Windflow brushes off nuclear concern
Windflow Technology's boss is batting away any unease about his company's hook up with a United States giant which makes nuclear submarines, saying it is like turning military weapons to peacetime products.
This week the small, struggling Christchurch turbine manufacturer disclosed a 10-year licensing agreement with General Dynamics SATCOM, a subsidiary of General Dynamics, which manufactures weapons, military vehicles and military communications systems.
Windflow is strapped for cash and needs new customers if it is to survive.
Windflow chief executive Geoff Henderson said the company had been very well aware that General Dynamics was a defence contractor when it entered into the licensing deal.
"We see it as, to the extent that that is the case, we see the move to windpower as being akin to 'swords to ploughshares'. The manufacture of weapons of war being converted into manufacturers' peace-time implements,'' he said.
"So of course we're mindful of that, but we see that as being a way of resolving that issue, I suppose.''
Henderson said he had not received any criticisms from shareholders about the deal, and had actually received some congratulations.
Asked whether the deal would sit well with green-leaning or pacifist shareholders, Henderson replied there was an argument that a strong United States in the last 60 or 70 years had ensured the longest period of peace the planet had known and helped avoid the outbreak of wars.
The military was a major purchaser in the United States, he said.
"I think if we did a deal with any major US manufacturer they would probably have some relation with US defence.''
GD as a company was one of the top 100 companies in the United States, he said, and ranking 86 on the Fortune 500 list.
"As a partner we're pleased and honoured to have the association.''
Windflow was "delighted'' GD was entering the wind business, and said the agreement was a fantastic endorsement of Windflow's technology.
Windflow chairman Heugh Kelly said Windflow saw General Dynamics as a highly competent partner to develop the turbine because of its technological, manufacturing and marketing capability and Windflow had not received support in New Zealand.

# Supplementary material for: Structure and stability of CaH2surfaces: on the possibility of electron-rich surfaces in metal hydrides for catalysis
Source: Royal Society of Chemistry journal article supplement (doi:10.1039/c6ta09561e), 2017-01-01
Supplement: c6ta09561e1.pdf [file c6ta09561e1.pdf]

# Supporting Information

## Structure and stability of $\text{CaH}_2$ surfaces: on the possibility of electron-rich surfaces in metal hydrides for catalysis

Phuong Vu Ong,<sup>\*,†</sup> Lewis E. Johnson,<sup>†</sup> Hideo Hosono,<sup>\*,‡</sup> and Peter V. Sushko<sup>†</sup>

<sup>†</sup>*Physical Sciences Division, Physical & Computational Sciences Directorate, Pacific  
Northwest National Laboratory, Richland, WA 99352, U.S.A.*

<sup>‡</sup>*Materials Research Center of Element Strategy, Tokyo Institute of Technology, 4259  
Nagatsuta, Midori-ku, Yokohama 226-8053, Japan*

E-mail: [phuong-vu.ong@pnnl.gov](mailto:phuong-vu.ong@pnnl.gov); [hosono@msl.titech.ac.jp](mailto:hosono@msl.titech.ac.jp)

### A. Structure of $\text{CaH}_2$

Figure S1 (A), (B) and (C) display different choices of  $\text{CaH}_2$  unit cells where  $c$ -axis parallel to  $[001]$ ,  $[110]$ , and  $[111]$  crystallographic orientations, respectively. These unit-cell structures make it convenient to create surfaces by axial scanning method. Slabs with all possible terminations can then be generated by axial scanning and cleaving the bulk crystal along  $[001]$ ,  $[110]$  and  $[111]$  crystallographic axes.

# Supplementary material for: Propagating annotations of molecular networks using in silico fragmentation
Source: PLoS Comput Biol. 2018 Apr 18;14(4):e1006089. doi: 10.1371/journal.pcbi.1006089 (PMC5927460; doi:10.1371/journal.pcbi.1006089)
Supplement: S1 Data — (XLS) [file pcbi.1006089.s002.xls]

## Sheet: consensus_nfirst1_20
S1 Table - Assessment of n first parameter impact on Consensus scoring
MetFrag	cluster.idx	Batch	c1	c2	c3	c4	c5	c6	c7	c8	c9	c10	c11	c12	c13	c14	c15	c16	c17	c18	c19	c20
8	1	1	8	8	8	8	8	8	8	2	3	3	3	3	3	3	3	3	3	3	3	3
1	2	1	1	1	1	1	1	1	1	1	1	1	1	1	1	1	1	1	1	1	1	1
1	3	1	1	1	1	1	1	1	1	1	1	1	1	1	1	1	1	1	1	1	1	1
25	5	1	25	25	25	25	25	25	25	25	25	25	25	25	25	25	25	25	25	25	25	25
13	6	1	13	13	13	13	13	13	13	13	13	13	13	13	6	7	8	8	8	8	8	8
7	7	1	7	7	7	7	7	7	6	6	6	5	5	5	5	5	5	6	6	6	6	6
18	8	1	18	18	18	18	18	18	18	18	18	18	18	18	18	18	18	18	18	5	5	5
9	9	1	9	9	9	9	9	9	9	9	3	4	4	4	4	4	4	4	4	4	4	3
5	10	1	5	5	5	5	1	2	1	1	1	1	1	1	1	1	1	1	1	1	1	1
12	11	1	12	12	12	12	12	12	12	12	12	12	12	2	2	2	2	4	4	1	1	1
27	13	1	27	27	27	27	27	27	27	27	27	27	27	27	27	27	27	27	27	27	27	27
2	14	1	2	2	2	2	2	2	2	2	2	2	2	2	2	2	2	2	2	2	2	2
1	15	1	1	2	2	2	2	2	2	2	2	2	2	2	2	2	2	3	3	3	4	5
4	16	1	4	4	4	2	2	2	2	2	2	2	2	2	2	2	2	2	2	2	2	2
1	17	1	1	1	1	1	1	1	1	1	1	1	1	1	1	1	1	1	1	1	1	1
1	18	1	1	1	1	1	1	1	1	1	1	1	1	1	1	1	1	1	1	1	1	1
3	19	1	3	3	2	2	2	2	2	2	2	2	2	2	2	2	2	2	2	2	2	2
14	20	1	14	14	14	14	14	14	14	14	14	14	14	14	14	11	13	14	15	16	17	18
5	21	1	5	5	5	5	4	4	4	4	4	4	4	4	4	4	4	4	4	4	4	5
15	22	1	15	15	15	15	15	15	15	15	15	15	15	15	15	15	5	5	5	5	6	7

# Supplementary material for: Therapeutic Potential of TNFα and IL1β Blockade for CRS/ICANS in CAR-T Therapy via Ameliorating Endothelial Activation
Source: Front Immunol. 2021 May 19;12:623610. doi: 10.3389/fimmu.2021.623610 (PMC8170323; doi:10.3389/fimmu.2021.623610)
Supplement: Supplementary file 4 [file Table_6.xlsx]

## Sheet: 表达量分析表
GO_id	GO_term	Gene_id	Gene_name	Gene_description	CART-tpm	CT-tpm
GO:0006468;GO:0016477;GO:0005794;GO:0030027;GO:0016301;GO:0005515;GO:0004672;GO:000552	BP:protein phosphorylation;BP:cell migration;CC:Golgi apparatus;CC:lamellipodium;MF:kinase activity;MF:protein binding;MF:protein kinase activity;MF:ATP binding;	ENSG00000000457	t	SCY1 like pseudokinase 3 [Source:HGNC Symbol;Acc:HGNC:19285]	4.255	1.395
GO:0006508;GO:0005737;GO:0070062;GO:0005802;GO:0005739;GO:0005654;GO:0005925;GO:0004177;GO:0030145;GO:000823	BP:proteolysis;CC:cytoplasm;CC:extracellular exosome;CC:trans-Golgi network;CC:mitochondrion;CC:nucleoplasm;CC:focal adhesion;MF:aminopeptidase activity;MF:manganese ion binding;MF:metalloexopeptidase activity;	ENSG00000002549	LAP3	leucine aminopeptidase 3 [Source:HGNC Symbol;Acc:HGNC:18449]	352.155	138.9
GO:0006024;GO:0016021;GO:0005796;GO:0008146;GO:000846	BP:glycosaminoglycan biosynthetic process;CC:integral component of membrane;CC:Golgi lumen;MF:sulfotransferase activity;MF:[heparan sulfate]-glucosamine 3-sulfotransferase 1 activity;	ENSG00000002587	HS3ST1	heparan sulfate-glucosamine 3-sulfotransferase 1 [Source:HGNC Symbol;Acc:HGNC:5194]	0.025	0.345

"So what do you do? You go overseas and you look to maybe a slightly more sophisticated market which appreciates what we have developed.
"But maybe now that it has been endorsed by other people, maybe there will be a slightly different attitude to it in New Zealand. It's a possibility.''
Peace-loving Wellington mayor Celia Wade-Brown is unconcerned that a company in which she holds shares has this new bedfellowin the form of US military giant General Dynamics.
Alastair Nicholson and Celia Wade-Brown are among the top 20 shareholders of Windflow Technology, with 84,836 shares (0.54 per cent), according to Windflow's most recent annual report.
General Dynamics SATCOM will use Windflow's technology to manufacture turbines for sale in North and South America, Africa, US territories and military bases worldwide. General Dynamics has a wholly-owned subsidiary, General Dynamics Electric Boat that makes nuclear submarines.
In December last year General Dynamics Electric Boat, christened the 'Mississippi', described as "the US Navy's newest and most advanced nuclear attack submarine''. It is equipped to "wage multi-dimensional warfare around the globe''.
Wade-Brown was unaware of the licensing deal until asked about it by Fairfax.
While she would never buy shares in a company that made nuclear armaments, she had no intention of selling her Windflow shares, she said.
Regardless of what the companies did, they had to buy energy of some sort, and it was encouraging that they were using renewable energy in the form of wind, she said.
"It's good for Windflow. It's a New Zealand company and I can't see it's making the slightest bit of difference as to whether more or less nuclear armaments are being made.''
She had never asked where the energy provided by Windflow turbines was used, and her focus was on how the energy was generated not what it was used for, she said.
"The energy that is sold from wind farms will go to the same wide range of organisations as the energy that's made by coal burning generators or nuclear energy The question is how the energy's generated.''
The Dominion Post